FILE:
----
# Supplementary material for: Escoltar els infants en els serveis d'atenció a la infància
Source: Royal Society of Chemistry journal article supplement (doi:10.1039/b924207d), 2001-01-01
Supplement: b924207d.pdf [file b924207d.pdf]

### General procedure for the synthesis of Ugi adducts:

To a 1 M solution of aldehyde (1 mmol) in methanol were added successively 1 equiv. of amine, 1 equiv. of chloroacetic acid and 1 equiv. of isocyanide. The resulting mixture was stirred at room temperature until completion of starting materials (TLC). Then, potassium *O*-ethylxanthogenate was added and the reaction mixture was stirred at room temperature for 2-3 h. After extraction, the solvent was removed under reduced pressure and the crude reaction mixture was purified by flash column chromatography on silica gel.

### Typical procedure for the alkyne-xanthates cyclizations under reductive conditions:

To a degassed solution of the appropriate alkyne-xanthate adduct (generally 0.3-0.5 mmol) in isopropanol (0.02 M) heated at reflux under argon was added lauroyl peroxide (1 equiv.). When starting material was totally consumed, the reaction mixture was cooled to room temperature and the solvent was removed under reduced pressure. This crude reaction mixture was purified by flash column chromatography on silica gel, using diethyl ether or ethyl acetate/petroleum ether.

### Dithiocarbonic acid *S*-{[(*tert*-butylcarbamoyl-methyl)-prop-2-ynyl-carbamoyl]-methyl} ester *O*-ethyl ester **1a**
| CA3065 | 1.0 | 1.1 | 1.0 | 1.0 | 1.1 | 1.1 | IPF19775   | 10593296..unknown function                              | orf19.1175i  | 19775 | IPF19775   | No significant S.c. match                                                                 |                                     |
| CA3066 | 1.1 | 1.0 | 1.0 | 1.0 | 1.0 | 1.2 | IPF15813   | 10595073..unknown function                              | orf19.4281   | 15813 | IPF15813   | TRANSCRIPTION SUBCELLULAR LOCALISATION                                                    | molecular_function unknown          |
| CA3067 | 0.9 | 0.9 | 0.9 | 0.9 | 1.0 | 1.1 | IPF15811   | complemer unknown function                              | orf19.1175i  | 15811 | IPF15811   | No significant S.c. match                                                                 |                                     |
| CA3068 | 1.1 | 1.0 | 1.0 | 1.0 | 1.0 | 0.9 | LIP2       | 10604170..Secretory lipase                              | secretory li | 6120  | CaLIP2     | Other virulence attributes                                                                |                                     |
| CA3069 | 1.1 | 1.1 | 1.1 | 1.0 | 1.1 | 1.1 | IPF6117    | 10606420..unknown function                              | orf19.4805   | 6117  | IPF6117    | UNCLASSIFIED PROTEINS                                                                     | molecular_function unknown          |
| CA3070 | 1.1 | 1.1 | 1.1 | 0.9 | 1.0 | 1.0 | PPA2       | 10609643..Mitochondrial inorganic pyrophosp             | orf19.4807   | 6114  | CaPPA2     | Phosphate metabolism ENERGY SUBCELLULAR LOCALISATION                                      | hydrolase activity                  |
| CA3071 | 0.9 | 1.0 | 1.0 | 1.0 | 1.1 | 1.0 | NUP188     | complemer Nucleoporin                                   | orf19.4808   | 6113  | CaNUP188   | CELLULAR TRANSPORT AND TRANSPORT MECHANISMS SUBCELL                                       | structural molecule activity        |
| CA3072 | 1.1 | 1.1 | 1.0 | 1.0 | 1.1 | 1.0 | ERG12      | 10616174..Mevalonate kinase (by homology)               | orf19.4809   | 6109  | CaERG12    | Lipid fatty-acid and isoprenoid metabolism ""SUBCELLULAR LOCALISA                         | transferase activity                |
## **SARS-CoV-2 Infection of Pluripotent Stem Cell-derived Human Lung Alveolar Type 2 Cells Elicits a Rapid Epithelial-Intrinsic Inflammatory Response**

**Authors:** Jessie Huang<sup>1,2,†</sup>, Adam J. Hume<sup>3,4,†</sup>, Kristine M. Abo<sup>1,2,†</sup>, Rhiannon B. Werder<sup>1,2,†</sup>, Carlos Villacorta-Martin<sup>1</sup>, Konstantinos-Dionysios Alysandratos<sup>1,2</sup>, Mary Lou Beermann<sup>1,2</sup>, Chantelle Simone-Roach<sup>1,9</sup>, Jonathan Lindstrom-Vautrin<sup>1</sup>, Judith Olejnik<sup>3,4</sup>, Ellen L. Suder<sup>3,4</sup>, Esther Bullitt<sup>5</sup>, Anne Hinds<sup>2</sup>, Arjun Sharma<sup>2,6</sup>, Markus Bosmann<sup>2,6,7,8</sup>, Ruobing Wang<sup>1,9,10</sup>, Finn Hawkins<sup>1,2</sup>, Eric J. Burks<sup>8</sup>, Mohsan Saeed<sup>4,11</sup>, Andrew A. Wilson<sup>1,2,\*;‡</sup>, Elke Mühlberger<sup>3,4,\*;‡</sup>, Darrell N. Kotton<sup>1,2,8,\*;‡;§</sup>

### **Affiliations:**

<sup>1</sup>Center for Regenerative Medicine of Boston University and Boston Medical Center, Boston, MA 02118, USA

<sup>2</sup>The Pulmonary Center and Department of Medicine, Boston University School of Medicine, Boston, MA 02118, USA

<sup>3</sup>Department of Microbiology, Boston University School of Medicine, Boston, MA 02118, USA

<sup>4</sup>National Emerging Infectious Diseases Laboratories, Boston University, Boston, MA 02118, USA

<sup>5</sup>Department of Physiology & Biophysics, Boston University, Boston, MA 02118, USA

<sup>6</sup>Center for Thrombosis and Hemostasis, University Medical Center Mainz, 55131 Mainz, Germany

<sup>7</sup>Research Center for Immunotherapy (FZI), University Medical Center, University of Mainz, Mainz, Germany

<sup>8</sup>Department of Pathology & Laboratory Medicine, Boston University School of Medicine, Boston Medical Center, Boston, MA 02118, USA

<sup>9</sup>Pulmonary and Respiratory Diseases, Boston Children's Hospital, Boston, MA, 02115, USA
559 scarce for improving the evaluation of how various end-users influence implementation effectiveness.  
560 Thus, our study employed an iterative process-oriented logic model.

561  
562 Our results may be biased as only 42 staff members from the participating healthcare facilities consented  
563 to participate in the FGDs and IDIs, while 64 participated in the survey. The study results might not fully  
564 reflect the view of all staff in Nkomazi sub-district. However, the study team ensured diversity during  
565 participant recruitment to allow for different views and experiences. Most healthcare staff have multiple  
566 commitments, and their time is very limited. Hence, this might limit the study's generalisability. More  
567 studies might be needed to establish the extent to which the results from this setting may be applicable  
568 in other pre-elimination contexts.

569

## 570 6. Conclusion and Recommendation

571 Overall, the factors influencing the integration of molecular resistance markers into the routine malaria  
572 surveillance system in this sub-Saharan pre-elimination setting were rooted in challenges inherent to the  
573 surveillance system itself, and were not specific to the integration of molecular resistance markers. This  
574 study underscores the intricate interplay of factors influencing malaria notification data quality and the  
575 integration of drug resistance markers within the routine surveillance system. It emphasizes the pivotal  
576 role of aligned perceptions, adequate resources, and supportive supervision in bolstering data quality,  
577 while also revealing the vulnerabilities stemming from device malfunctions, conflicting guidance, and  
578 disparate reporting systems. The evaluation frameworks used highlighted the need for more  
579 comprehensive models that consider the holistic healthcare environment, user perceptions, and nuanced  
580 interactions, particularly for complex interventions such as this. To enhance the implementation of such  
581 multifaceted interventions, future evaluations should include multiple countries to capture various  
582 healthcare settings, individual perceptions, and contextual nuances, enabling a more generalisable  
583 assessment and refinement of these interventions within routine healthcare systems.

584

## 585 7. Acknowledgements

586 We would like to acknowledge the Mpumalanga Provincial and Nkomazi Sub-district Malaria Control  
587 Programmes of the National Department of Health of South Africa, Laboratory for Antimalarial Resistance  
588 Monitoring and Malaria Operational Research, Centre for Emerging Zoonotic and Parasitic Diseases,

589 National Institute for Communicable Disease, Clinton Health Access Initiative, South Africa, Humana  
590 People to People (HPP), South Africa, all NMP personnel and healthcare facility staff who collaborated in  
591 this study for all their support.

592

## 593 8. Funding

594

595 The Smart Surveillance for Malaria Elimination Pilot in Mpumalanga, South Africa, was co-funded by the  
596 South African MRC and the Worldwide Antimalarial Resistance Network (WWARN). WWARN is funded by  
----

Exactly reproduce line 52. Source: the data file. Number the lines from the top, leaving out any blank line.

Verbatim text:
582 healthcare settings, individual perceptions, and contextual nuances, enabling a more generalisable  